Arabic Calligraphy
Civilisation of the Word
‘Inscriptions are usually chosen to complement the function of the object.’
Inscriptions vary in subject and include a wide variety of calligraphic styles. They may refer to patrons and their accomplishments or recite verses from the Qur’an, protective prayers, blessings, poetic verses and proverbs. The latter inscriptions are usually chosen to complement the function of the object, such as the use of the Qur’anic verse ‘God, Light of the World’ (24: 35) on mosque lamps, or the use of poetic verses that praise the work of the pen, seen on pen cases or writing boxes. Protective prayers and invocations of blessings are expected to actively contribute to the function of a vessel. Words such as ‘baraka’ acknowledge and invoke God’s generosity, and the owner’s good luck. The same sentiments are evoked when using one of God’s Ninety-Nine Names on an object, where its presence would protect the object and its contents from harm or loss.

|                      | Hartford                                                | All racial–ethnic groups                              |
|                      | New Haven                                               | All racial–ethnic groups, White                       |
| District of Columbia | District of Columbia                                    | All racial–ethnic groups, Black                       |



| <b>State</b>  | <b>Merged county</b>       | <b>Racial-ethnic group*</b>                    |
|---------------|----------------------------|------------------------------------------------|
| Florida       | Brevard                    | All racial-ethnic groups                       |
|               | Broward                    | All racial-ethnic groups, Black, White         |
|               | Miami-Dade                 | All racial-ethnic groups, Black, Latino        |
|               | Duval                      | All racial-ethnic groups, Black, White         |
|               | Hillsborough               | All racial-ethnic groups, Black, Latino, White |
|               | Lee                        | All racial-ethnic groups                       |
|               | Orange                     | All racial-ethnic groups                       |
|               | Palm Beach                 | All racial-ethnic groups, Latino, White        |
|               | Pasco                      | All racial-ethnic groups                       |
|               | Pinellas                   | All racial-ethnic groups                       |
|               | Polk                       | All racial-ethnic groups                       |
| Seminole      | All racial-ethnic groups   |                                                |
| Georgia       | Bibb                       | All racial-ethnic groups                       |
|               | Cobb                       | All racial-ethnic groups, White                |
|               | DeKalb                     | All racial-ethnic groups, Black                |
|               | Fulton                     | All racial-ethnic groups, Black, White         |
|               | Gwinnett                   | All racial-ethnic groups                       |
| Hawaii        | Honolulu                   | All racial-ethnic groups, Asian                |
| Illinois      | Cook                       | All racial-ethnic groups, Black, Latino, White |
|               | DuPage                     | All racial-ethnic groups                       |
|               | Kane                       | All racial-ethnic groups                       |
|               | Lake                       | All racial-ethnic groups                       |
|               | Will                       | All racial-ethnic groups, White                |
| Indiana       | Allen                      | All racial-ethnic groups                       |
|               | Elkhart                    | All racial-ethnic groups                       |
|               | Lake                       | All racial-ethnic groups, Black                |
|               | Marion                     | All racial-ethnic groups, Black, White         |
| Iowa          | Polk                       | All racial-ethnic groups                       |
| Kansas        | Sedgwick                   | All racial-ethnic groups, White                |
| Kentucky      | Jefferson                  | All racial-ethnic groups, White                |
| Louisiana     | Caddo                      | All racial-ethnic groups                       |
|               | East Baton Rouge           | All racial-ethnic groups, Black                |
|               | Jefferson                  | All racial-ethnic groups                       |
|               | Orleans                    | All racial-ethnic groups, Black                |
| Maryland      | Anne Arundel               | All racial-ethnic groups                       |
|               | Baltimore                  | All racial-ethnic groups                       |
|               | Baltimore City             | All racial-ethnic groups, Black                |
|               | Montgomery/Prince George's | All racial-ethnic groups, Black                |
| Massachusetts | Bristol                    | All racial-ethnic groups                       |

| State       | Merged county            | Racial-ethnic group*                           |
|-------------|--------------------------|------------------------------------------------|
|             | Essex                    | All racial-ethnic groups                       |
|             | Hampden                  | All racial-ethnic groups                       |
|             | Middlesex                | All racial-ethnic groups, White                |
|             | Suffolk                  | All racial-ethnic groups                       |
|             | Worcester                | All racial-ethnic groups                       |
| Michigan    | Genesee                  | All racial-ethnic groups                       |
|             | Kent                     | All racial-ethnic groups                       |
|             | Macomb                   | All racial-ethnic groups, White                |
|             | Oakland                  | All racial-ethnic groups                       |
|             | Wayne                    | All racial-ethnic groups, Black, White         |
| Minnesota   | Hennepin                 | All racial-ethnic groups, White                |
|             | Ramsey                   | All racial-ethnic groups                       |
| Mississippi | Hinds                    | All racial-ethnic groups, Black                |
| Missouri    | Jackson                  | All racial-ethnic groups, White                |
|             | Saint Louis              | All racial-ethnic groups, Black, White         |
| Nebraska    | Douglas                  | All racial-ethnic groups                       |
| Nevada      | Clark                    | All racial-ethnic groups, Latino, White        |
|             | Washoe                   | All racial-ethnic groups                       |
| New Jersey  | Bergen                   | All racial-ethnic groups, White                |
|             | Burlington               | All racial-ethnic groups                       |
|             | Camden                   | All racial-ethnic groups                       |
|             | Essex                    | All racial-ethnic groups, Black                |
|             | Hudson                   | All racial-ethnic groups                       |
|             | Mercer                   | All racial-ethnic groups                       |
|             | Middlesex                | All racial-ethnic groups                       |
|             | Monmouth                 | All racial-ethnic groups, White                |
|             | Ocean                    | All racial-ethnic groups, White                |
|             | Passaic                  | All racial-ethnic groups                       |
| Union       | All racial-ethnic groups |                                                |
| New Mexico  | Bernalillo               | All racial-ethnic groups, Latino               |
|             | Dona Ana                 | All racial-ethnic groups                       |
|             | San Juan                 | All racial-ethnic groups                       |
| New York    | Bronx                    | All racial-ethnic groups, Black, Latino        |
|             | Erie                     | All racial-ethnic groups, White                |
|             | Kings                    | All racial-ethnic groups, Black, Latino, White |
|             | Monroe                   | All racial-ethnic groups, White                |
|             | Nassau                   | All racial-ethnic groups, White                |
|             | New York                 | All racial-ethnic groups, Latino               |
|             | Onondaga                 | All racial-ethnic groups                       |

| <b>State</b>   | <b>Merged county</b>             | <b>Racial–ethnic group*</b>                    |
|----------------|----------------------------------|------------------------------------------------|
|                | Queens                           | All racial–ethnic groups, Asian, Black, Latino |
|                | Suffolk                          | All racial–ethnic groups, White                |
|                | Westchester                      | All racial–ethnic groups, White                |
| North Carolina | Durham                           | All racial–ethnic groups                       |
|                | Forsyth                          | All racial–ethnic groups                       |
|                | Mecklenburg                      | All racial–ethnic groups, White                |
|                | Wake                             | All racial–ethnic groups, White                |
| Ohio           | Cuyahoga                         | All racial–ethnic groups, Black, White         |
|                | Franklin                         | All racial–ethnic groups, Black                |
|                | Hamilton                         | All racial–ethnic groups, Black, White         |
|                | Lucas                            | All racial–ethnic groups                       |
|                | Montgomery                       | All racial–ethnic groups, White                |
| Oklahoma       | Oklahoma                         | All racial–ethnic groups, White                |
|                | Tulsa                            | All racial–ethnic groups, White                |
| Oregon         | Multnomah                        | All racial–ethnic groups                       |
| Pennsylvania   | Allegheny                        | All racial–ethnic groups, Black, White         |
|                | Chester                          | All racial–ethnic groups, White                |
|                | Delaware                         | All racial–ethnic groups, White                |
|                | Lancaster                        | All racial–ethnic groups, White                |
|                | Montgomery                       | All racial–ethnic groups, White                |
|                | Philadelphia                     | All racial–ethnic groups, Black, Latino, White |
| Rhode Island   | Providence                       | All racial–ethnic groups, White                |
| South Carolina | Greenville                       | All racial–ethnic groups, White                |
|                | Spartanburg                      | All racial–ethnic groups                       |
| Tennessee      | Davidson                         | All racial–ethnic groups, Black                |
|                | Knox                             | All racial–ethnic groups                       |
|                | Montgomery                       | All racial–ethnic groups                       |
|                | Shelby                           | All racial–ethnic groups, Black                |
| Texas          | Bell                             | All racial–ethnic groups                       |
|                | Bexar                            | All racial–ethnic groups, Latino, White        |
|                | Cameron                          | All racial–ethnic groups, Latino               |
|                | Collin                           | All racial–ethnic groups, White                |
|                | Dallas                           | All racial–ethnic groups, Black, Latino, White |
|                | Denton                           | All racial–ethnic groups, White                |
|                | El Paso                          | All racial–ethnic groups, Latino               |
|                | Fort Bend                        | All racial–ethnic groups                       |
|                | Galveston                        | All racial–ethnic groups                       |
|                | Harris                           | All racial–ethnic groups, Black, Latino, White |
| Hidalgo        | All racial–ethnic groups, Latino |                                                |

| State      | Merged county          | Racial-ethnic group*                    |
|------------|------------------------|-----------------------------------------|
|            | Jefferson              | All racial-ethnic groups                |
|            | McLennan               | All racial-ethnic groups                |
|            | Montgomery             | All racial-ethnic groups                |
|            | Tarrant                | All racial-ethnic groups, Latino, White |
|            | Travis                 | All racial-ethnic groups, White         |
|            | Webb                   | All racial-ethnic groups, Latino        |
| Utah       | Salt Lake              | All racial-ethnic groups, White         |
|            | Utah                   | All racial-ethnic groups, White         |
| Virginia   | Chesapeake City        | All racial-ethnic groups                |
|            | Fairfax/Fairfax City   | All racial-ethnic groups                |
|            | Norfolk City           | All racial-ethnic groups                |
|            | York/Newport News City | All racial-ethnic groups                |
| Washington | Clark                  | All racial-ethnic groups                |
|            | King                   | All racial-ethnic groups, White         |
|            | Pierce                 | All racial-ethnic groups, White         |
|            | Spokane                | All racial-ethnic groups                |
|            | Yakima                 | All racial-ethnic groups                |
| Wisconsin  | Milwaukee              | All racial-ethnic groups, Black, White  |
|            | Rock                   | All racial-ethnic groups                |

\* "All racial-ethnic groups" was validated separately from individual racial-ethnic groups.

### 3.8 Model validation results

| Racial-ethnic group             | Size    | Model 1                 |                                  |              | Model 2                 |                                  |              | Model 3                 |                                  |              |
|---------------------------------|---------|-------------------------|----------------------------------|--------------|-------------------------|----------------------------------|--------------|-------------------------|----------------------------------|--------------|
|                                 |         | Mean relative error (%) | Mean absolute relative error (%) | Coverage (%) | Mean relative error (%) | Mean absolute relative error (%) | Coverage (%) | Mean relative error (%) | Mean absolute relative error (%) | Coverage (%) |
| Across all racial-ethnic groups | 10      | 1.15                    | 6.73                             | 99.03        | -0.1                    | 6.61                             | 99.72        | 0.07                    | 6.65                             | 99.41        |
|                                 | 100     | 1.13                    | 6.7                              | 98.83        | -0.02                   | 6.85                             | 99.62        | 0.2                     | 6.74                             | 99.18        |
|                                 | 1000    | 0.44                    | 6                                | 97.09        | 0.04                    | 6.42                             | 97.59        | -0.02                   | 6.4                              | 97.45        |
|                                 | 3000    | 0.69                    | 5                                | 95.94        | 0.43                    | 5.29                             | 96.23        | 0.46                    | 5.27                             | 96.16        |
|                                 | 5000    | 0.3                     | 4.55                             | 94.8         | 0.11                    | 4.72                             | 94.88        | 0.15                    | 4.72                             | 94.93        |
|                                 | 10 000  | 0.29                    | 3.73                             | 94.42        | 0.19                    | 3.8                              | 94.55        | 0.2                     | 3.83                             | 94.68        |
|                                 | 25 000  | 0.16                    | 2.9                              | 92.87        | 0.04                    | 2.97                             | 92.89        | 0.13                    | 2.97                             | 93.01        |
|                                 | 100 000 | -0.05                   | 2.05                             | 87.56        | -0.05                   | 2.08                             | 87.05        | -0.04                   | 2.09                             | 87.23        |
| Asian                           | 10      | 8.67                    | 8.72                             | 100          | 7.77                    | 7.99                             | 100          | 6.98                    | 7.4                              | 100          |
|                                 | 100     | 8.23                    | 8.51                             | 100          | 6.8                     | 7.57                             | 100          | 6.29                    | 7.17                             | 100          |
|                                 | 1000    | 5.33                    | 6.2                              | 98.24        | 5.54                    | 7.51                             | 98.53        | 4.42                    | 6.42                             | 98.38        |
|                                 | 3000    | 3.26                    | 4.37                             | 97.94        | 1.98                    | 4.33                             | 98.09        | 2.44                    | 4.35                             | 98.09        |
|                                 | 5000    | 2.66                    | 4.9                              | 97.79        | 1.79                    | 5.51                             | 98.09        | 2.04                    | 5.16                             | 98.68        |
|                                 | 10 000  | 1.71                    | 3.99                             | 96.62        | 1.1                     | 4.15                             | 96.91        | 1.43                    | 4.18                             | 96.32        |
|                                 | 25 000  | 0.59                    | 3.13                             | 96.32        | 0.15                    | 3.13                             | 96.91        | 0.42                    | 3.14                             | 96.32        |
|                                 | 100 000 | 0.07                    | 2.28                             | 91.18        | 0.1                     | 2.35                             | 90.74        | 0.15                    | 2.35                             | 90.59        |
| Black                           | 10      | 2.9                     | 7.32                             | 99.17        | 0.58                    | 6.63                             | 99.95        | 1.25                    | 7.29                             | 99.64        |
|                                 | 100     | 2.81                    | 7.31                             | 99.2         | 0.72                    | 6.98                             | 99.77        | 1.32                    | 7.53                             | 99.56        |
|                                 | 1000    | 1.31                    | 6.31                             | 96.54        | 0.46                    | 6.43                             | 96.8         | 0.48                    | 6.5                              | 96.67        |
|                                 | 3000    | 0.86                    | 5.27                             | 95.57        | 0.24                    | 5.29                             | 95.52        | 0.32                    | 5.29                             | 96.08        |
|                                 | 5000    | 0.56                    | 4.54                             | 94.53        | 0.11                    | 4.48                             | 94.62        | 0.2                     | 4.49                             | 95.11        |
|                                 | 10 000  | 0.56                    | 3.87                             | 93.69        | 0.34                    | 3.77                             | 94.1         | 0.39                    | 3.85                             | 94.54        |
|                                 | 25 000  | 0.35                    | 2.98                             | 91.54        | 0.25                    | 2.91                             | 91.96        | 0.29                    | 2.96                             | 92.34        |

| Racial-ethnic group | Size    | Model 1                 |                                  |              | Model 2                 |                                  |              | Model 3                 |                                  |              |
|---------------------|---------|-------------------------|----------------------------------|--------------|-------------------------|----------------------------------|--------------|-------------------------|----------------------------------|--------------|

Tomb cover

Hegira 12th / AD 18th century
Victoria and Albert Museum
London, England, United Kingdom
Appropriately, the inscriptions on this tomb covering include the Shahada (profession of the Muslim faith), verses from the Qur'an and a pious invocation.